The three templates define how the XML source is transformed. The first template tells the processor to apply templates for all elements in the XML source (match="*"). The second template matches all text nodes on the XML source, and ensures that all text from the source is ignored, so that we can tune in detail the output.

The third template is the most interesting one; it defines which information from the source XML is extracted and outputed to the plain text file. The <xsl:value-of> elements define which content from the XML source is send to the output. The above XSLT contains two such elements, and it extracts the element symbol and its exact mass. The logic is define by XPath statements given in the @match attribute of the <xsl:template> element and the @select attribute of the <xsl:value-of> element.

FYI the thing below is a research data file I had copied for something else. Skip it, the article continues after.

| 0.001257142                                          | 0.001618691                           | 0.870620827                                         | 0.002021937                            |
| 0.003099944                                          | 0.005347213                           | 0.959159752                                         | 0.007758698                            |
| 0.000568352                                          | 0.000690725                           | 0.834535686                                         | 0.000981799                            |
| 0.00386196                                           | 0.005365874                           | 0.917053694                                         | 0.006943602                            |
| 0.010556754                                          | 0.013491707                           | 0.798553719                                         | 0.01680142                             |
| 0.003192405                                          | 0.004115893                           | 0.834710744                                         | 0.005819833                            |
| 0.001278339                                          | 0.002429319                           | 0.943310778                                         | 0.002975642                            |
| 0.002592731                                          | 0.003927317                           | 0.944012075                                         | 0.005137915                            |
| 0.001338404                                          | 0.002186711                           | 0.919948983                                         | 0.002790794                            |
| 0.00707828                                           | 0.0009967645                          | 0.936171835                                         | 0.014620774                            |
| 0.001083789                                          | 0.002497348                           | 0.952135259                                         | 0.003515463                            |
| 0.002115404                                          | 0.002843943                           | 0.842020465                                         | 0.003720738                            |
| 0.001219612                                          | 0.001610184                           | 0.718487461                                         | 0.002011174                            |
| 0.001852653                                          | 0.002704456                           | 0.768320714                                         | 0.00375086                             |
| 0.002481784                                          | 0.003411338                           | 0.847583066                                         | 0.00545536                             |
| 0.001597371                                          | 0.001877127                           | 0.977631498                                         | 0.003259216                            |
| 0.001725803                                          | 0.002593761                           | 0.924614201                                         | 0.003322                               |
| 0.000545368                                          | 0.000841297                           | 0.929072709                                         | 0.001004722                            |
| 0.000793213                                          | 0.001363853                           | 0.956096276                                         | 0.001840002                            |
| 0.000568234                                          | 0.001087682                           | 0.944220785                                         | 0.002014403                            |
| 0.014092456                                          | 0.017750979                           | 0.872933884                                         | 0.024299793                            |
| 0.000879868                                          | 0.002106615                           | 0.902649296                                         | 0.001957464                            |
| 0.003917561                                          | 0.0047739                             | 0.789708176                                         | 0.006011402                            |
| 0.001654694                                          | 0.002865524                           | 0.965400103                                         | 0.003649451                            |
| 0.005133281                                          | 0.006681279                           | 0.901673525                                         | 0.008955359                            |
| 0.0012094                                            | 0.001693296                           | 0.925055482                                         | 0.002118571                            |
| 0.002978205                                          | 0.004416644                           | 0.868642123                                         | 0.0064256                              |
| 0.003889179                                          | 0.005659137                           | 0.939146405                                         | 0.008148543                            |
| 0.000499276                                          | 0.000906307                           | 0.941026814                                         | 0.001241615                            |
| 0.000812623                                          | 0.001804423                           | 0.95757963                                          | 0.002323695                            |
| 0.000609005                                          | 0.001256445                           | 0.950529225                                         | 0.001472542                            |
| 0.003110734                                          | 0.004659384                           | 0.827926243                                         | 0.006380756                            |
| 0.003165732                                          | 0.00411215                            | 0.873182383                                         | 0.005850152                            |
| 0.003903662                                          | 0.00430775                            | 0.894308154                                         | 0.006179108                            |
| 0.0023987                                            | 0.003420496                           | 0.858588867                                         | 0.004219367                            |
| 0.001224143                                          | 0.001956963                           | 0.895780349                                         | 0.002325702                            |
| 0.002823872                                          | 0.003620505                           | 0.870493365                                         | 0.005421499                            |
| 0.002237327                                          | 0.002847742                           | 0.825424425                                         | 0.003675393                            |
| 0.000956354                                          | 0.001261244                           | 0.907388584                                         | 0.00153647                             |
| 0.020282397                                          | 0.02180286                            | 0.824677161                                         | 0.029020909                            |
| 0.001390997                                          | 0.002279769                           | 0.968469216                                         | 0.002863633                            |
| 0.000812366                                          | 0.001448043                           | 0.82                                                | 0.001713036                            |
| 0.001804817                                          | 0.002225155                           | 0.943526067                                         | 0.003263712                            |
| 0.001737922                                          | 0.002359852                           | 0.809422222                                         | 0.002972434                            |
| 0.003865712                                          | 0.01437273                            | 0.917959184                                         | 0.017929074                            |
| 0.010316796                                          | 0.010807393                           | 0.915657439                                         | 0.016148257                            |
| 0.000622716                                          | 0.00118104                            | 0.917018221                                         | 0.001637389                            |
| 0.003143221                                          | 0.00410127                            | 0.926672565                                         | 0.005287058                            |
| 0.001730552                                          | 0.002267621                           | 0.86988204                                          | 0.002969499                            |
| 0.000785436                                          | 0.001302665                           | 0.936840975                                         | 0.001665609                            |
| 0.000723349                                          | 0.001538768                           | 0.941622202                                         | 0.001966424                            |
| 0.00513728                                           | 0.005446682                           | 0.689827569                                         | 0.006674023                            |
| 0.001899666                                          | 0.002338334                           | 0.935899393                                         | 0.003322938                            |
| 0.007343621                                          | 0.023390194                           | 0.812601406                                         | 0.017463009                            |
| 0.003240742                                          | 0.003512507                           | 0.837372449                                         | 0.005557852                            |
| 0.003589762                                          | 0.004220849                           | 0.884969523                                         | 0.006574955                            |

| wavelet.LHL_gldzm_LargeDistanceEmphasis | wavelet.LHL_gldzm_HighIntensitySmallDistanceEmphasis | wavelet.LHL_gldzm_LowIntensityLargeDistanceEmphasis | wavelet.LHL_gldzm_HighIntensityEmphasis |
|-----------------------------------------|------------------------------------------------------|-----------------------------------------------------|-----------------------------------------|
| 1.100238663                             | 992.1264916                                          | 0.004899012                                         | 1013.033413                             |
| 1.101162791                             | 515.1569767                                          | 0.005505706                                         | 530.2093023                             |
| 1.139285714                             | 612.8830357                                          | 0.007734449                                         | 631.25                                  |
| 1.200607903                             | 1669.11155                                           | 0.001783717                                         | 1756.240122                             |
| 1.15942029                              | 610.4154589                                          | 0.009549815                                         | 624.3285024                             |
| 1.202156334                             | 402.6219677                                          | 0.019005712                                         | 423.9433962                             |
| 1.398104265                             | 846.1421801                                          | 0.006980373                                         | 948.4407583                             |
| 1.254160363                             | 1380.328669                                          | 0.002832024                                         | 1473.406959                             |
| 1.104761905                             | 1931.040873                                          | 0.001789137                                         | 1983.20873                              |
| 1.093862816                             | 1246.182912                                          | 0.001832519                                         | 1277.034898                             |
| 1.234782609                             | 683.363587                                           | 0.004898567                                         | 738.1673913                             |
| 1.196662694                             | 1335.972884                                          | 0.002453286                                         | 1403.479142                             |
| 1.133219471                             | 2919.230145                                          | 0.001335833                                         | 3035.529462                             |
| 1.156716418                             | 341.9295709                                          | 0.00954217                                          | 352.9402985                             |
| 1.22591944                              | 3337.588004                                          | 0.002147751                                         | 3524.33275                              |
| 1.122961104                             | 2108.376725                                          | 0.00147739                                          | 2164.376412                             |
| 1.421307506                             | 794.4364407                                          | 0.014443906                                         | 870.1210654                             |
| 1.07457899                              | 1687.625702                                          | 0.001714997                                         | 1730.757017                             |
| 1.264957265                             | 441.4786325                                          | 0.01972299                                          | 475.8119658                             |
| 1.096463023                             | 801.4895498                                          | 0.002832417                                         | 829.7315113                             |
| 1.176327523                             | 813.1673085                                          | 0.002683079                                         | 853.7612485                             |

This third template applies to all <atom> elements in the CML source, as indicated by the @match attribute. From this element, the <xsl:value-of> elements extract the element symbol using the XPath query cml:label[@dictRef='bo:symbol']/@value. Or, in natural language: take the content of the @value attribute, of the <cml:label> element which has an @dictRef attribute of which the content is 'bo:symbol'. The second query is cml:scalar[@dictRef='bo:exactMass'], and says: take the content of the <cml:scalar> element which has an @dictRef attribute of which the content is 'bo:exactMass'.

Check the elements.xml source code, and it will be clear how to extract other elemental properties. Good luck!